“They wanted to have a good time, but they were like children playing in the street; they could see one after another of them being killed–run over, maimed, destroyed–but they continued to play anyhow.”
― Philip K. Dick, A Scanner Darkly
Having grown up under the iron, albeit nurturing, fist of a single parent my experience with recreational drug use was (and still is) something akin to a 90’s afterschool special. As a kid I was pelted with D.A.R.E. propaganda, A Clockwork Orange style, which resulted in a pavlovian fear and, much later, a personal disdain towards doing drugs. Now, dear reader, before you get your holier-than-thou, “drugs, like, enhance the fecundity of the mind and like totally rule,” neezhnies in a twist let’s set the overpriced vinyl record straight: I’m no square, man. I’ve snorted my fair share of Adderall and even smoked a pot or two out of a homemade aluminum pipe whose long term health effects I have yet to see; I’m just not into the hard shit. Never was. Never will be. To clarify, this isn’t some half-hearted condemnation against my fellow Americans who find solace at the bottom of a coke bag. As ever the outsider looking in I’m continually intrigued, and terrified, by people whose dependency on drugs award them a form of mental escapism I was never able to ascend to. Collin Schiffli’s Animals is an understated, albeit underwhelming, portrait of that dependency.
Animals tells the story of two love sick junkies struggling to find a fix in a mad mad world. Directed by Collin Schiffli (making his feature film debut), the film stars David Dastmalchian as Jude (who also wrote the script based off of his personal experiences) and Kim Shaw as his partner in crime, Bobbie. The dynamic duo, on the verge of homelessness but not quite, live out of a car scrounging up what little resources they have to survive and financing their wayward life with a series of petty cons. However, despite their self-imposed exile from the working world the first half of the film feels like a romantic comedy offset by the recreational use of heroin. Jude and Bobbie’s affection for each other is infectious and endearing. When the film breaks away from the rampant drug use it presents us, the audience, with intimate moments between the two leads making our presence feel intrusive.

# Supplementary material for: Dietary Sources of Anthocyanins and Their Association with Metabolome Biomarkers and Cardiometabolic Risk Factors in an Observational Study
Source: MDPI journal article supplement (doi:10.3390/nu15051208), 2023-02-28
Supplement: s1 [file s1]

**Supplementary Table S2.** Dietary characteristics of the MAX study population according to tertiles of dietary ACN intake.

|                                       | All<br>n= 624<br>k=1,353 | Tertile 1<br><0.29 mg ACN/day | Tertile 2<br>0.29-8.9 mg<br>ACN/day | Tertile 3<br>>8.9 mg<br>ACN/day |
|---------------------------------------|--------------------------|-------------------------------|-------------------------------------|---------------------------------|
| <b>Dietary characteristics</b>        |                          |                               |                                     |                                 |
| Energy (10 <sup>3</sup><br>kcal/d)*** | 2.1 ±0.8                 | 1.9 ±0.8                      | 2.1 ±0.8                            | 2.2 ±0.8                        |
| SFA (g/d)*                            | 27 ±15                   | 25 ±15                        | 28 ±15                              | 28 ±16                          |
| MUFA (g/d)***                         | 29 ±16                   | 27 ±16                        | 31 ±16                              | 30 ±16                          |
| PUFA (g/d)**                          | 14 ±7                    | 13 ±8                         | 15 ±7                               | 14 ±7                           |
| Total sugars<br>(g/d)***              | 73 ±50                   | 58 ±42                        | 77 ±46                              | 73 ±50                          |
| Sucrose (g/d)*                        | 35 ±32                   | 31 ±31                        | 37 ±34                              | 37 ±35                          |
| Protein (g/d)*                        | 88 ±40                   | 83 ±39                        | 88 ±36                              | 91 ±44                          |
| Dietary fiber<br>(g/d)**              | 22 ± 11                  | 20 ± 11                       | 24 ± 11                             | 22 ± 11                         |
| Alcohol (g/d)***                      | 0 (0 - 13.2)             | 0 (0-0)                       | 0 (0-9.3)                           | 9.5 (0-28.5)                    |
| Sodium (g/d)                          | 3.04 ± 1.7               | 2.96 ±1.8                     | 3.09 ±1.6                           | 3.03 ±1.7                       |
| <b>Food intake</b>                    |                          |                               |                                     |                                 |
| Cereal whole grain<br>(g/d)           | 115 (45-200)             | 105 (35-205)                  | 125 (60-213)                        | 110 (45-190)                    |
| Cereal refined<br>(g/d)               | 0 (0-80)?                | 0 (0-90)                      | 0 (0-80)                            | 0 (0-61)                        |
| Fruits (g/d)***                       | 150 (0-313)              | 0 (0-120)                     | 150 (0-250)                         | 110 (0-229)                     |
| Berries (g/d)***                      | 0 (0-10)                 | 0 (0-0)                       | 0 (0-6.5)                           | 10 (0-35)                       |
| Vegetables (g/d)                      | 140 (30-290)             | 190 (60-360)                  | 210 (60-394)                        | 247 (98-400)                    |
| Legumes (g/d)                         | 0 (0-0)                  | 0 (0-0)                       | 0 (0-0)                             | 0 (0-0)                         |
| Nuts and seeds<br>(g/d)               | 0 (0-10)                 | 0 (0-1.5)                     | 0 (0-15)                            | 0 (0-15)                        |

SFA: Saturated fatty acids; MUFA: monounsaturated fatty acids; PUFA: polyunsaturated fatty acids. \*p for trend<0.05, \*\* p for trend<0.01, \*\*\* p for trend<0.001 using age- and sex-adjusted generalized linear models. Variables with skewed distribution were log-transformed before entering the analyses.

Even with its three-dimensional portrayal of people caught in the throes of drug abuse, Animals is not without its problems. The film is a by the numbers indie art-house flick that will, undoubtedly, get compared to a handful of films just like it (one in particular comes to mind). Schiffli’s emollient approach to the subject matter gives the film plenty of room to fall flat. We’ve seen this story before, many times, and it is exhausting. Jude and Bobbie are run-of-the-mill drugstore fanboys with absolutely nothing new to offer. However, despite its shortcomings, the flawless chemistry between Shaw and Dastmalchian is worth, in this writer’s mind, at least one viewing.
Ryan Darbonne is a mediocre filmmaker based out of Austin, TX. He is the founder of Cinema41, former Film Department Director at Austin Film festival and one of three unconventionally attractive men in the fiscally conservative hip hop group SPACE CAMP Death Squad.